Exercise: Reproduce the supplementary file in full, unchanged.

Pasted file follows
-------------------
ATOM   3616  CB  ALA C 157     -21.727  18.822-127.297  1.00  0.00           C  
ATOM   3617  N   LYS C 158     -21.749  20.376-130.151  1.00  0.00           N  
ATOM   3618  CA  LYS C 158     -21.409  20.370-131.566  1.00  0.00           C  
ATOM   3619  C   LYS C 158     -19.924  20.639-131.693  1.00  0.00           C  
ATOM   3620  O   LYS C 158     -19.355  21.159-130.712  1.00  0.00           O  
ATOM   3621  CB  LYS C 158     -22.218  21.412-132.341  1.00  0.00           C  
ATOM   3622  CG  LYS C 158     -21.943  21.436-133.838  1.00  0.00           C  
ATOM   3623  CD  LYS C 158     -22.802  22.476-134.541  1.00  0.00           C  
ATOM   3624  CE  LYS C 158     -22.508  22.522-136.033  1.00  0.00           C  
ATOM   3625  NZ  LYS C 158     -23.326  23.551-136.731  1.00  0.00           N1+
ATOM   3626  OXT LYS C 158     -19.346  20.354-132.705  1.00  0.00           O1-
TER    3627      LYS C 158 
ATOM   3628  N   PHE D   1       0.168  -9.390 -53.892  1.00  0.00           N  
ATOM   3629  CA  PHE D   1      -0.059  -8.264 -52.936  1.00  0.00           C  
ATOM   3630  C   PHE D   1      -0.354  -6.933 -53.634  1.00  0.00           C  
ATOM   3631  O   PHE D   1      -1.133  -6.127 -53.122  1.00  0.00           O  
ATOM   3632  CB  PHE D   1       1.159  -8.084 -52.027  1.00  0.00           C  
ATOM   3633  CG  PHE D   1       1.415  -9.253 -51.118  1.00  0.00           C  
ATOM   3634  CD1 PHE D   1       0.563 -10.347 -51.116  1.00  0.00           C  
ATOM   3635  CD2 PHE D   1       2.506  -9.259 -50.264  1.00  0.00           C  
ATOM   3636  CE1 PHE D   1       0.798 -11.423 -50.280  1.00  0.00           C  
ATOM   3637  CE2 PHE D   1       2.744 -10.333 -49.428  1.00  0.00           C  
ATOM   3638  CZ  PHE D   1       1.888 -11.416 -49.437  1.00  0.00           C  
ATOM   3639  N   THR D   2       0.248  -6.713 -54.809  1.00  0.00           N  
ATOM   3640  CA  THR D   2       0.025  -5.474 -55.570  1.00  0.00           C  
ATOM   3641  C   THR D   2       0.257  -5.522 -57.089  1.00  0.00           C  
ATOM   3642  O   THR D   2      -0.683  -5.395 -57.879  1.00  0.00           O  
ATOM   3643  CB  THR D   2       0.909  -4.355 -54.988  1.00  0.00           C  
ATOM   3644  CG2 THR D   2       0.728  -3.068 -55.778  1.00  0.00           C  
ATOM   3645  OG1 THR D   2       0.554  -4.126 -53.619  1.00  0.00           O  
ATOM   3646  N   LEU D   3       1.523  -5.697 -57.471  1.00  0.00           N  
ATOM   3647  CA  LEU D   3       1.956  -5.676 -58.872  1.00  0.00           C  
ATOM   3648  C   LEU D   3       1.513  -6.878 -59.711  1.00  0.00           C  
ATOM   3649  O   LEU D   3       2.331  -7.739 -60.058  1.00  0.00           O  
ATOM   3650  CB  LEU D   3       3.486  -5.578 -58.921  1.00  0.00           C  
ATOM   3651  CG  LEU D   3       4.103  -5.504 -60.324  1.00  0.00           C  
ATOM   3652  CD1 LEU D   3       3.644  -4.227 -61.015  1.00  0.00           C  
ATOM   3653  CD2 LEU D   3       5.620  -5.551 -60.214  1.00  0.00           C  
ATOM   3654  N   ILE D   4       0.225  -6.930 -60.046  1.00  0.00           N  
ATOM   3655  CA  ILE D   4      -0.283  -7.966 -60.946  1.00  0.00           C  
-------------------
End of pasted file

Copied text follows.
ATOM   3616  CB  ALA C 157     -21.727  18.822-127.297  1.00  0.00           C  
ATOM   3617  N   LYS C 158     -21.749  20.376-130.151  1.00  0.00           N  
ATOM   3618  CA  LYS C 158     -21.409  20.370-131.566  1.00  0.00           C  
ATOM   3619  C   LYS C 158     -19.924  20.639-131.693  1.00  0.00           C  
ATOM   3620  O   LYS C 158     -19.355  21.159-130.712  1.00  0.00           O  
ATOM   3621  CB  LYS C 158     -22.218  21.412-132.341  1.00  0.00           C  
ATOM   3622  CG  LYS C 158     -21.943  21.436-133.838  1.00  0.00           C  
ATOM   3623  CD  LYS C 158     -22.802  22.476-134.541  1.00  0.00           C  
ATOM   3624  CE  LYS C 158     -22.508  22.522-136.033  1.00  0.00           C  
ATOM   3625  NZ  LYS C 158     -23.326  23.551-136.731  1.00  0.00           N1+
ATOM   3626  OXT LYS C 158     -19.346  20.354-132.705  1.00  0.00           O1-
TER    3627      LYS C 158 
ATOM   3628  N   PHE D   1       0.168  -9.390 -53.892  1.00  0.00           N  
ATOM   3629  CA  PHE D   1      -0.059  -8.264 -52.936  1.00  0.00           C  
ATOM   3630  C   PHE D   1      -0.354  -6.933 -53.634  1.00  0.00           C  
ATOM   3631  O   PHE D   1      -1.133  -6.127 -53.122  1.00  0.00           O  
ATOM   3632  CB  PHE D   1       1.159  -8.084 -52.027  1.00  0.00           C  
ATOM   3633  CG  PHE D   1       1.415  -9.253 -51.118  1.00  0.00           C  
ATOM   3634  CD1 PHE D   1       0.563 -10.347 -51.116  1.00  0.00           C  
ATOM   3635  CD2 PHE D   1       2.506  -9.259 -50.264  1.00  0.00           C  
ATOM   3636  CE1 PHE D   1       0.798 -11.423 -50.280  1.00  0.00           C  
ATOM   3637  CE2 PHE D   1       2.744 -10.333 -49.428  1.00  0.00           C  
ATOM   3638  CZ  PHE D   1       1.888 -11.416 -49.437  1.00  0.00           C  
ATOM   3639  N   THR D   2       0.248  -6.713 -54.809  1.00  0.00           N  
ATOM   3640  CA  THR D   2       0.025  -5.474 -55.570  1.00  0.00           C  
ATOM   3641  C   THR D   2       0.257  -5.522 -57.089  1.00  0.00           C  
ATOM   3642  O   THR D   2      -0.683  -5.395 -57.879  1.00  0.00           O  
ATOM   3643  CB  THR D   2       0.909  -4.355 -54.988  1.00  0.00           C  
ATOM   3644  CG2 THR D   2       0.728  -3.068 -55.778  1.00  0.00           C  
ATOM   3645  OG1 THR D   2       0.554  -4.126 -53.619  1.00  0.00           O  
ATOM   3646  N   LEU D   3       1.523  -5.697 -57.471  1.00  0.00           N  
ATOM   3647  CA  LEU D   3       1.956  -5.676 -58.872  1.00  0.00           C  
ATOM   3648  C   LEU D   3       1.513  -6.878 -59.711  1.00  0.00           C  
ATOM   3649  O   LEU D   3       2.331  -7.739 -60.058  1.00  0.00           O  
ATOM   3650  CB  LEU D   3       3.486  -5.578 -58.921  1.00  0.00           C  
ATOM   3651  CG  LEU D   3       4.103  -5.504 -60.324  1.00  0.00           C  
ATOM   3652  CD1 LEU D   3       3.644  -4.227 -61.015  1.00  0.00           C  
ATOM   3653  CD2 LEU D   3       5.620  -5.551 -60.214  1.00  0.00           C  
ATOM   3654  N   ILE D   4       0.225  -6.930 -60.046  1.00  0.00           N  
ATOM   3655  CA  ILE D   4      -0.283  -7.966 -60.946  1.00  0.00           C  